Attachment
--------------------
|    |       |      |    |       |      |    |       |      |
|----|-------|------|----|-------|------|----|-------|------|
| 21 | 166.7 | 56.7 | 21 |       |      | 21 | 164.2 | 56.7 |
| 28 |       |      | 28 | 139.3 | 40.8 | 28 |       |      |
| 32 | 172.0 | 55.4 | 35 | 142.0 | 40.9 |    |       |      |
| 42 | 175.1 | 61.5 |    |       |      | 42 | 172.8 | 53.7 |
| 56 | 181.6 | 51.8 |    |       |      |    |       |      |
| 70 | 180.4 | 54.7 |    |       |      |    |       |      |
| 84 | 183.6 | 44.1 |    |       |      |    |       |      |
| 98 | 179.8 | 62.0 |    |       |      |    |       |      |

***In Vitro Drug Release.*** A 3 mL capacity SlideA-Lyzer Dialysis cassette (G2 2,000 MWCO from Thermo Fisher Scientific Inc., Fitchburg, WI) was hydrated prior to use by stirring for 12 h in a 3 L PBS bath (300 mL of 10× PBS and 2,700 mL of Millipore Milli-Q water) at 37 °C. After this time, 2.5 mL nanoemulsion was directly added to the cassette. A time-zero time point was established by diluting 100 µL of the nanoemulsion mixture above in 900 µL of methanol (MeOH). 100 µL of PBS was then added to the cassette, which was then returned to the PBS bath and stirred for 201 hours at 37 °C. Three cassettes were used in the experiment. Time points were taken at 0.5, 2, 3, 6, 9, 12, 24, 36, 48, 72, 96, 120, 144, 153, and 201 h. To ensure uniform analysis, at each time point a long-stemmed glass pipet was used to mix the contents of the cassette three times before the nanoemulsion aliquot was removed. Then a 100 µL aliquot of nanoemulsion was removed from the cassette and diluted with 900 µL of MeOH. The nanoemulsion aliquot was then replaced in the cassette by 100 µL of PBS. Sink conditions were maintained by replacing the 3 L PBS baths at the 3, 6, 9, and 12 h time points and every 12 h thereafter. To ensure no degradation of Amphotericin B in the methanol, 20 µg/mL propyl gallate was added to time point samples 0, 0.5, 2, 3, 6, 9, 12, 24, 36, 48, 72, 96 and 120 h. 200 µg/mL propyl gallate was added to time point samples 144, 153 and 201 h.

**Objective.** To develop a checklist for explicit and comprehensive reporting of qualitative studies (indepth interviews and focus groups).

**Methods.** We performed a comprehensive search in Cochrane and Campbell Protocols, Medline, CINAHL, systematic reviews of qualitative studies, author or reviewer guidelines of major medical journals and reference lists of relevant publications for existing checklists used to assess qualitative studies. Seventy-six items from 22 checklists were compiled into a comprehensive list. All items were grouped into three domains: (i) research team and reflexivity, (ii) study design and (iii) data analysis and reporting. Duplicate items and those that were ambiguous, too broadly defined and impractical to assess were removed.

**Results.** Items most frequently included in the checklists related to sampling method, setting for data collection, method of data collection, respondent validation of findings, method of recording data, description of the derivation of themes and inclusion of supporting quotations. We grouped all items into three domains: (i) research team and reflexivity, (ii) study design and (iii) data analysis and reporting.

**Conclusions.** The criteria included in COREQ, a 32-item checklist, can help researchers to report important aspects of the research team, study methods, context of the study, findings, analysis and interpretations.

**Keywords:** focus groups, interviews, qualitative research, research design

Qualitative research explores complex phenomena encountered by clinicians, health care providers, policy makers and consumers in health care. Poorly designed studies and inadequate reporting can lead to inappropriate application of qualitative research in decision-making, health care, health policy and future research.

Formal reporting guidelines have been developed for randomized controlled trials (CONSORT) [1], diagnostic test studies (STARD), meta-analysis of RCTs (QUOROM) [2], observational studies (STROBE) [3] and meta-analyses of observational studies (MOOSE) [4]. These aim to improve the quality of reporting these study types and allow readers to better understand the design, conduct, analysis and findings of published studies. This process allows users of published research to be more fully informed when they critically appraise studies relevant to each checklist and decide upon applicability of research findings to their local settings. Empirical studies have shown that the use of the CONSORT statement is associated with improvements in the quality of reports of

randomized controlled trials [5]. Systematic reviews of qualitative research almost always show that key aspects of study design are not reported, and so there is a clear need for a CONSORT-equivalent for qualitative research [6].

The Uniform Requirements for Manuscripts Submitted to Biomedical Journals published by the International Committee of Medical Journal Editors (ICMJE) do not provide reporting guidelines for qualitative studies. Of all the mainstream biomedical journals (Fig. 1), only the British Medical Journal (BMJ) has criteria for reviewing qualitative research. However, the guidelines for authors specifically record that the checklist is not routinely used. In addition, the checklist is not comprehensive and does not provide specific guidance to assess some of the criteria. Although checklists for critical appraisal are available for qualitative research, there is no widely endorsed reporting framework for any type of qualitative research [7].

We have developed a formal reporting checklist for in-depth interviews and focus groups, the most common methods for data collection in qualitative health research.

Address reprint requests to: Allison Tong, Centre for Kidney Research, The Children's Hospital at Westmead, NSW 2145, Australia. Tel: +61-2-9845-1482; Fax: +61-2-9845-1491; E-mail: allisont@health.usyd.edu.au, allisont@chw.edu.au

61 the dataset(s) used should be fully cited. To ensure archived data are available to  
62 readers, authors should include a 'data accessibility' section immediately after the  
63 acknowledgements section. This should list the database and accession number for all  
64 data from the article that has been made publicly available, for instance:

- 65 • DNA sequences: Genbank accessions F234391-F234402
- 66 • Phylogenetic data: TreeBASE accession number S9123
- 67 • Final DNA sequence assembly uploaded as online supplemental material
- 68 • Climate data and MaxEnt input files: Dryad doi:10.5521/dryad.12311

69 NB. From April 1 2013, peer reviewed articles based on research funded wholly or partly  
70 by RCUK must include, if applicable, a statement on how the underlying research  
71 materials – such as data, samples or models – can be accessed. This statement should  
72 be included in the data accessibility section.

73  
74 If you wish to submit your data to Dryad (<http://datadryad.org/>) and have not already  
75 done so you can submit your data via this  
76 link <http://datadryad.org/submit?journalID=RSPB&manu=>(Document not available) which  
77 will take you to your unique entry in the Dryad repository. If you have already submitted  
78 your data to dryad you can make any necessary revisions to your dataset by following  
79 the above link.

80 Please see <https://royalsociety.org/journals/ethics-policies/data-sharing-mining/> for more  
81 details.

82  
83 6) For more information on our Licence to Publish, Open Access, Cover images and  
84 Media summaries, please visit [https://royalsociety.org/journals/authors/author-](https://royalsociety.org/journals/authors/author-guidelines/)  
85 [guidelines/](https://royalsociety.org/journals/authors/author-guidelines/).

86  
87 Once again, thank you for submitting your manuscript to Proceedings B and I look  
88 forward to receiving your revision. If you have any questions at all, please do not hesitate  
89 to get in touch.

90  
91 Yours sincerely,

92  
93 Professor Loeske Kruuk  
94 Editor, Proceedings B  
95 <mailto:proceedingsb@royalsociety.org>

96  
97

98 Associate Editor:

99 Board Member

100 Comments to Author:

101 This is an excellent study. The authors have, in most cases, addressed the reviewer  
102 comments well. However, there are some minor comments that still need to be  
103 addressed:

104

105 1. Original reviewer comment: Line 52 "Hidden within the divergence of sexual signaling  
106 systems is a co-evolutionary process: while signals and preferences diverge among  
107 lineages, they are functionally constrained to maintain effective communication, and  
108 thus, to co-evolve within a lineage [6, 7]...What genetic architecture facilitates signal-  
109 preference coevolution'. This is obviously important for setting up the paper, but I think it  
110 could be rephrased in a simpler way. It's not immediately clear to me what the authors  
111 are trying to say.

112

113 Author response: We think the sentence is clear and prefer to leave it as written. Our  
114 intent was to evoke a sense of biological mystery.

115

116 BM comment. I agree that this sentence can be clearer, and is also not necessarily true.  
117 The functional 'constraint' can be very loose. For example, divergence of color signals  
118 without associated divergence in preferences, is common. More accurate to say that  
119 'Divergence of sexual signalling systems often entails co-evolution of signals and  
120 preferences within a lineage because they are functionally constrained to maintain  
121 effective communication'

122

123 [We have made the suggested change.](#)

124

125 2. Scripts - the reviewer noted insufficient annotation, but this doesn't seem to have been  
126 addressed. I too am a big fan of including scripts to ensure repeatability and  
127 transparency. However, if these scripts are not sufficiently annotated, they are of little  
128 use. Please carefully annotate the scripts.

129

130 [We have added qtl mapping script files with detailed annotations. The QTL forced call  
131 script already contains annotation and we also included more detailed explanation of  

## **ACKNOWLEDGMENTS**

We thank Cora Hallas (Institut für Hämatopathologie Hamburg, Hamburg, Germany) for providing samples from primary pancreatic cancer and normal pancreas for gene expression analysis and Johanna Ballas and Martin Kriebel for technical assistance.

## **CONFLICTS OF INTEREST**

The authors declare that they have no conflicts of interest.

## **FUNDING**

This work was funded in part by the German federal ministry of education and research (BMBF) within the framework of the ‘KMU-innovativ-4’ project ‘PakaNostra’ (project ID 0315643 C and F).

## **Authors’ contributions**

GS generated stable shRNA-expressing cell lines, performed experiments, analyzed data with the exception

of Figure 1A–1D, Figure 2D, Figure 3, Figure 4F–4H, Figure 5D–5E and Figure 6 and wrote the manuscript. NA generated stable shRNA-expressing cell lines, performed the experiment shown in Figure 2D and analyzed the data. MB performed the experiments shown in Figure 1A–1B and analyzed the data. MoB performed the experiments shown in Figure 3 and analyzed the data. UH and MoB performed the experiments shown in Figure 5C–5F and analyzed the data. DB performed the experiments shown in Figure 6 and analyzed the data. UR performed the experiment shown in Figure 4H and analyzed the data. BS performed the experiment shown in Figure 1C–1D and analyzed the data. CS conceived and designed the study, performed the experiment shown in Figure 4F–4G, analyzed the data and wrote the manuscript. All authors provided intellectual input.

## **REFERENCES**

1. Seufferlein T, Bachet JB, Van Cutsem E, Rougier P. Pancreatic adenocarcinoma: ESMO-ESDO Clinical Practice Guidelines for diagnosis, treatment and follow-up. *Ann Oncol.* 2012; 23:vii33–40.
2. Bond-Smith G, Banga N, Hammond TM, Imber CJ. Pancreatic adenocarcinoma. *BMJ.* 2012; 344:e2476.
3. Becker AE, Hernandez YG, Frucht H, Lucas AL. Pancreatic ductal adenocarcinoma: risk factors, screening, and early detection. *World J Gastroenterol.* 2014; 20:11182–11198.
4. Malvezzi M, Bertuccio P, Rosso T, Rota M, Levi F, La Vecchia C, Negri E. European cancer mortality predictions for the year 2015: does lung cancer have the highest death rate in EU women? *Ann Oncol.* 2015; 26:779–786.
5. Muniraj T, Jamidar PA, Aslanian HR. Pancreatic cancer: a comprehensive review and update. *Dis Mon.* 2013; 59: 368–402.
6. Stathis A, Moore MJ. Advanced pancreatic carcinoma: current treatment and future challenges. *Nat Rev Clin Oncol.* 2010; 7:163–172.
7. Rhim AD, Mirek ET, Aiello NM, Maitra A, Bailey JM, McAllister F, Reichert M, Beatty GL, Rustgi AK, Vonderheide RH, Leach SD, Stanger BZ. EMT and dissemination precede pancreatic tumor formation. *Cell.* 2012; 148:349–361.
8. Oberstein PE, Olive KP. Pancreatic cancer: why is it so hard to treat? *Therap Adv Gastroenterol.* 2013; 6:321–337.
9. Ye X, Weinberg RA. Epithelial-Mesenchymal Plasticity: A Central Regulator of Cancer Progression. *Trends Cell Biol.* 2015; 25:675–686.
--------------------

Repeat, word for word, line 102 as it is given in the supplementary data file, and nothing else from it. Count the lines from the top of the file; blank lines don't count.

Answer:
of Figure 1A–1D, Figure 2D, Figure 3, Figure 4F–4H, Figure 5D–5E and Figure 6 and wrote the manuscript. NA generated stable shRNA-expressing cell lines, performed the experiment shown in Figure 2D and analyzed the data. MB performed the experiments shown in Figure 1A–1B and analyzed the data. MoB performed the experiments shown in Figure 3 and analyzed the data. UH and MoB performed the experiments shown in Figure 5C–5F and analyzed the data. DB performed the experiments shown in Figure 6 and analyzed the data. UR performed the experiment shown in Figure 4H and analyzed the data. BS performed the experiment shown in Figure 1C–1D and analyzed the data. CS conceived and designed the study, performed the experiment shown in Figure 4F–4G, analyzed the data and wrote the manuscript. All authors provided intellectual input.